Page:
The San Francisco-based Alonzo King LINES Ballet makes its Houston debut on Friday with two works that epitomize King's interest in creating movement that explores the real and the tangible, as does much of the company's work. "The term LINES alludes to all that is visible in the phenomenal world," King says via press materials. "There is nothing that is made or formed without line. Straight and circle encompass all that we see. Whatever can be seen is formed by line."
The program opens with 2011's Resin, a dance that alternates between duet and quartet work. The movement is seamless, the bodies of the dancers more liquid than solid mass, just like the trancelike Sephardic music it is set to. An exciting feature is King's suggestion of genderless pas de deux work, as men partner men and women partner women. The real showcase becomes the human body, dressed in minimal garments, and all of its beautiful permutations.
Then there's the 2009 Scheherazade, a reimagining of One Thousand and One Nights and the 1888 music by Nikolai Rimsky-Korsakov. The original music is an unmistakably Russian creation with digressions into Eastern motifs, but King uses a score that has been reworked by Zakir Hussain. Hussain, a master of the tabla, brings new life to Rimsky-Korsakov's music with the addition of traditional Persian instrumentation. Both pieces place specific importance on the real and the tangible, in the vein of much of the company's work.
See the Alonzo King LINES Ballet Houston debut at 8 p.m. Friday. Wortham Center's Cullen Theater, 500 Texas. For information, call 713‑227‑4772 or visit spahouston.org. $23 to $58.
Artist T. Smith had a little trouble with the models that appear in The Waiting Room series. "Some days they just wouldn't cooperate," the artist, recently named a Houston Press 100 Creatives, says. "At first I called them 'the girls,' but when they started being difficult, I changed that to 'the bitches.' They could be real bitches, too." Since Smith's models were mannequins, we're not sure how literally to take that statement. Come to think of it, Smith worked with photographs of mannequins; that really calls into question the level of bitchiness the models displayed.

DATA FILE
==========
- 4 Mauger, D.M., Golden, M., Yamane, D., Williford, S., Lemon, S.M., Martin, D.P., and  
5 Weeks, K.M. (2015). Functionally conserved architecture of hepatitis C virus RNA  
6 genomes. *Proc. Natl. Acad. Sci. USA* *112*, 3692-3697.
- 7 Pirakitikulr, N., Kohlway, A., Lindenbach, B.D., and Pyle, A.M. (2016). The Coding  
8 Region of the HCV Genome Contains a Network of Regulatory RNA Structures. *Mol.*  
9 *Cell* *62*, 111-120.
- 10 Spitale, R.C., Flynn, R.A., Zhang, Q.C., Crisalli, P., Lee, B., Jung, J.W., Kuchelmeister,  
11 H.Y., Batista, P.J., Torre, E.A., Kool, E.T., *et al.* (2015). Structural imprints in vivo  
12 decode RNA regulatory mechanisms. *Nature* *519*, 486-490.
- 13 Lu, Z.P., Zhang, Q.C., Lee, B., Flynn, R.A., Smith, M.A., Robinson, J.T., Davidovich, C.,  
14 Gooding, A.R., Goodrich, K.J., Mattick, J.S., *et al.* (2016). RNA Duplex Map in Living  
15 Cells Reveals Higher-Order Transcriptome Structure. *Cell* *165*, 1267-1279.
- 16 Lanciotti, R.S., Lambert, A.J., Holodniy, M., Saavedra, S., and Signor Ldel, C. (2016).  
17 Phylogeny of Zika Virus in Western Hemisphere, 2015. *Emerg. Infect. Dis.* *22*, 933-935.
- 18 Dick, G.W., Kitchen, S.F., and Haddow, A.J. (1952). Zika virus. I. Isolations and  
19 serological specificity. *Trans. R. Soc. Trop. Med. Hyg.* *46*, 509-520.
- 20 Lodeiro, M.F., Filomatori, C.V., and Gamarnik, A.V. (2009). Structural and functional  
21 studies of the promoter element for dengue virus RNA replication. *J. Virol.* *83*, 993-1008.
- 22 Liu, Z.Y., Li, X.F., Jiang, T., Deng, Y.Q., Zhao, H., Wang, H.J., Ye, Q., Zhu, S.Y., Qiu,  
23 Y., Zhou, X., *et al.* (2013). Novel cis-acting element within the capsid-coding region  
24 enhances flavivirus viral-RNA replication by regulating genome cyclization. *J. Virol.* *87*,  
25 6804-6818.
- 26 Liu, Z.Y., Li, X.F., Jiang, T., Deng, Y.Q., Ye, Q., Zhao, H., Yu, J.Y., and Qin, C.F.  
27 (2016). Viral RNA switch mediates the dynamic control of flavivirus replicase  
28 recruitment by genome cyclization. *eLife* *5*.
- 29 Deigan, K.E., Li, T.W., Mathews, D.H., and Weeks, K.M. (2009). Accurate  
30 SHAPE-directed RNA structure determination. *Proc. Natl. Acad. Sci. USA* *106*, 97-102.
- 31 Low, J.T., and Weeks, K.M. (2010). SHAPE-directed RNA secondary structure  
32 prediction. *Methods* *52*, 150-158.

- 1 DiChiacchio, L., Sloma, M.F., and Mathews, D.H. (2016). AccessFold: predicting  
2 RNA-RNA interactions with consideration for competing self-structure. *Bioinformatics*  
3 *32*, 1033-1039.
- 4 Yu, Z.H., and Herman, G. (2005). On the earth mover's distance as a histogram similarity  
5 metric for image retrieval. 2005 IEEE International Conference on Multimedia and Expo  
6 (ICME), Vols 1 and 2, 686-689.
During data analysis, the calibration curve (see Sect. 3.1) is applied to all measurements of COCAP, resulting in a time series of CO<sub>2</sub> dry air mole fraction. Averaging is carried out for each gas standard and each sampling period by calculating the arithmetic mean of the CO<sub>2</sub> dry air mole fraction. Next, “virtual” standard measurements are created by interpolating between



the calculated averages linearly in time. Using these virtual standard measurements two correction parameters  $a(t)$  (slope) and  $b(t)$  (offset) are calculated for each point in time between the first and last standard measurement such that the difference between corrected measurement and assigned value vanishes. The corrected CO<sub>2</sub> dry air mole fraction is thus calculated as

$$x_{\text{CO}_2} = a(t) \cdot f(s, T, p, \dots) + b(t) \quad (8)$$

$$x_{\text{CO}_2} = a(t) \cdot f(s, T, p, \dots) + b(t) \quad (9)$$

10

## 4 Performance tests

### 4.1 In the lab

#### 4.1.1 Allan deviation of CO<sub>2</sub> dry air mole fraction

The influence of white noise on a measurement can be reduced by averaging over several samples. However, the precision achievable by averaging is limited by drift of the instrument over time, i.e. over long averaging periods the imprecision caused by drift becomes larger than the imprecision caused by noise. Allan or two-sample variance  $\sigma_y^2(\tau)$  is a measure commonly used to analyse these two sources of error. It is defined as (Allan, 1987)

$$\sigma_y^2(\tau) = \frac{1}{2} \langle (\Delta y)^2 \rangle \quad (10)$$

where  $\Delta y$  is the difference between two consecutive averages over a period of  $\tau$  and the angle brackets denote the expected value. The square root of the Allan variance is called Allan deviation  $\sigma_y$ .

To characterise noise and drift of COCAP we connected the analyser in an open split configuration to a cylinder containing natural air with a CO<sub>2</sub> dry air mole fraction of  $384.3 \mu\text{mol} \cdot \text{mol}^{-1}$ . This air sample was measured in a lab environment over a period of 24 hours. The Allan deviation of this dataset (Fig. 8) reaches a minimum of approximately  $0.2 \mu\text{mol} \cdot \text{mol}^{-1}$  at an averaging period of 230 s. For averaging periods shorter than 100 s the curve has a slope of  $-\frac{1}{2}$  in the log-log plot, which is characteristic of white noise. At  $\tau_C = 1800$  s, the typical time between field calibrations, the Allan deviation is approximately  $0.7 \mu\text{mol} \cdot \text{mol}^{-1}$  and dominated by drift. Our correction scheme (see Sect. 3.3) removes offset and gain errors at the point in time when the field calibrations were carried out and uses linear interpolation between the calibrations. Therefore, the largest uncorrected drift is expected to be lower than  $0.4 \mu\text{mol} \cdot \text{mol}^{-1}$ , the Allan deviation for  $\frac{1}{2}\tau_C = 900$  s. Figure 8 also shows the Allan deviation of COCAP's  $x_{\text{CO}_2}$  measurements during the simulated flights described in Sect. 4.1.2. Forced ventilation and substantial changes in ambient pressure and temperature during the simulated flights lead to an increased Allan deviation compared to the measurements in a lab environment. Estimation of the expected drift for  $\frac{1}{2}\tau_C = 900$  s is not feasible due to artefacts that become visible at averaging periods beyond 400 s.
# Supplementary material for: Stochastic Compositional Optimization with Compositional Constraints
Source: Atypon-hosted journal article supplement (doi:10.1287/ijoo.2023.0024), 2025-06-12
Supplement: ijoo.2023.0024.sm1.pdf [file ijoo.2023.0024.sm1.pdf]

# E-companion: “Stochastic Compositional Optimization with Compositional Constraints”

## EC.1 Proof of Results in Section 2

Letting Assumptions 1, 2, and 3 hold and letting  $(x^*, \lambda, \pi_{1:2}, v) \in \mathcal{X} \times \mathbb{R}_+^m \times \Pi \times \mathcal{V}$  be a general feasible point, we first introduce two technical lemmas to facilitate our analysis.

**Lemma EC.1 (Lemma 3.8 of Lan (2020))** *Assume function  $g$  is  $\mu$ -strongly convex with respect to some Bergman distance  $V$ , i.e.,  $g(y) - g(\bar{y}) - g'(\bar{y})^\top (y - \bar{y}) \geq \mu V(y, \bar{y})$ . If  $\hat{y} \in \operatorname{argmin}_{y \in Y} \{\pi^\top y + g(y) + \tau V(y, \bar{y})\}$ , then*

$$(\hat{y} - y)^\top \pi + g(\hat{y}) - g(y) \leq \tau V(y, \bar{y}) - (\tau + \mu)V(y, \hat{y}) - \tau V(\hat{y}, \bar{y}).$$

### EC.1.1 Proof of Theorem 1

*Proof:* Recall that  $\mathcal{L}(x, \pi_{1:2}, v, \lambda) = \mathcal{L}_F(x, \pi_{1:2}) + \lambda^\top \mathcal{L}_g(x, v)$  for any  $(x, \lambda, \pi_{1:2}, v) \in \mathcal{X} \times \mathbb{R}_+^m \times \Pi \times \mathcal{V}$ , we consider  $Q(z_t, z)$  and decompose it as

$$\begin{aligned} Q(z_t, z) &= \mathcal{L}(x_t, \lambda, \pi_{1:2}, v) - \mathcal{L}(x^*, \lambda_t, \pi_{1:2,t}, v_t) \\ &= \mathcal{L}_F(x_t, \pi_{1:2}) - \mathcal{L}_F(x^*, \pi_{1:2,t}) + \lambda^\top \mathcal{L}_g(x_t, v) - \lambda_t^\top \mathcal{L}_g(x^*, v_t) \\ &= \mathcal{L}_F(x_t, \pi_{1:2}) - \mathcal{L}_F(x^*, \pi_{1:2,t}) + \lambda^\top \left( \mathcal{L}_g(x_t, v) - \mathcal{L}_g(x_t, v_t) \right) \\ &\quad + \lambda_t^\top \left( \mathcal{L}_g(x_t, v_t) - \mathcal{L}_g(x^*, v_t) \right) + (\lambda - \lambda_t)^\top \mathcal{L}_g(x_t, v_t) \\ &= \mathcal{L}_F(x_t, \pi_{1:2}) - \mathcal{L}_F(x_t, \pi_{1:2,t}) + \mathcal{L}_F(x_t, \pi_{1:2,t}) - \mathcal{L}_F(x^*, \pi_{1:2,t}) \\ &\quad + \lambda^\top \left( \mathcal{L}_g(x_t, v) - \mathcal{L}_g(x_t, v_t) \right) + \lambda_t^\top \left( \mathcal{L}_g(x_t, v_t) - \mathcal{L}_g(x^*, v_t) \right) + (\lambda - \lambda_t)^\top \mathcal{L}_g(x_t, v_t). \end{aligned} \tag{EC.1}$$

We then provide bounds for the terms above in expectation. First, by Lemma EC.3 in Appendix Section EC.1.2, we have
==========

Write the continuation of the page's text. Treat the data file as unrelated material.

The 15 mannequins are seen in the 11 paintings that make up the Friday night exhibit "T. Smith: The Waiting Room." Painted in various shades of blue and silver against a red background, the female figures are seen unsmiling, without clothes or hair. Smith says that while there's no definite narrative for the series, there is a sense of foreboding to the images. "They're bald, they're not smiling, they're all bunched up together and they're naked. You know something is going on there, even if you don't know quite what."
See "T. Smith: The Waiting Room" 7 to 10 p.m. Friday. JoMar Visions, Hardy & Nance Studios, 902 Hardy. For information, visit tsmithartist.com. Free.
From its funky, hodgepodge origins to its current state as an art gathering known around the world, the Houston Art Car Parade is certainly one of the city's signature events. No longer just a parade, it has evolved into the Houston Art Car Parade Weekend. "Over the last five years, the parade has really developed into an entire weekend of activities. From ... the Legendary Art Car Ball on Friday evening, culminating with the parade on Saturday," says Jonathan Beitler, Barrelhouse Media publicist. "There are multiple opportunities for the public to get up close and personal with the cars, meet their artists and celebrate this unique type of art."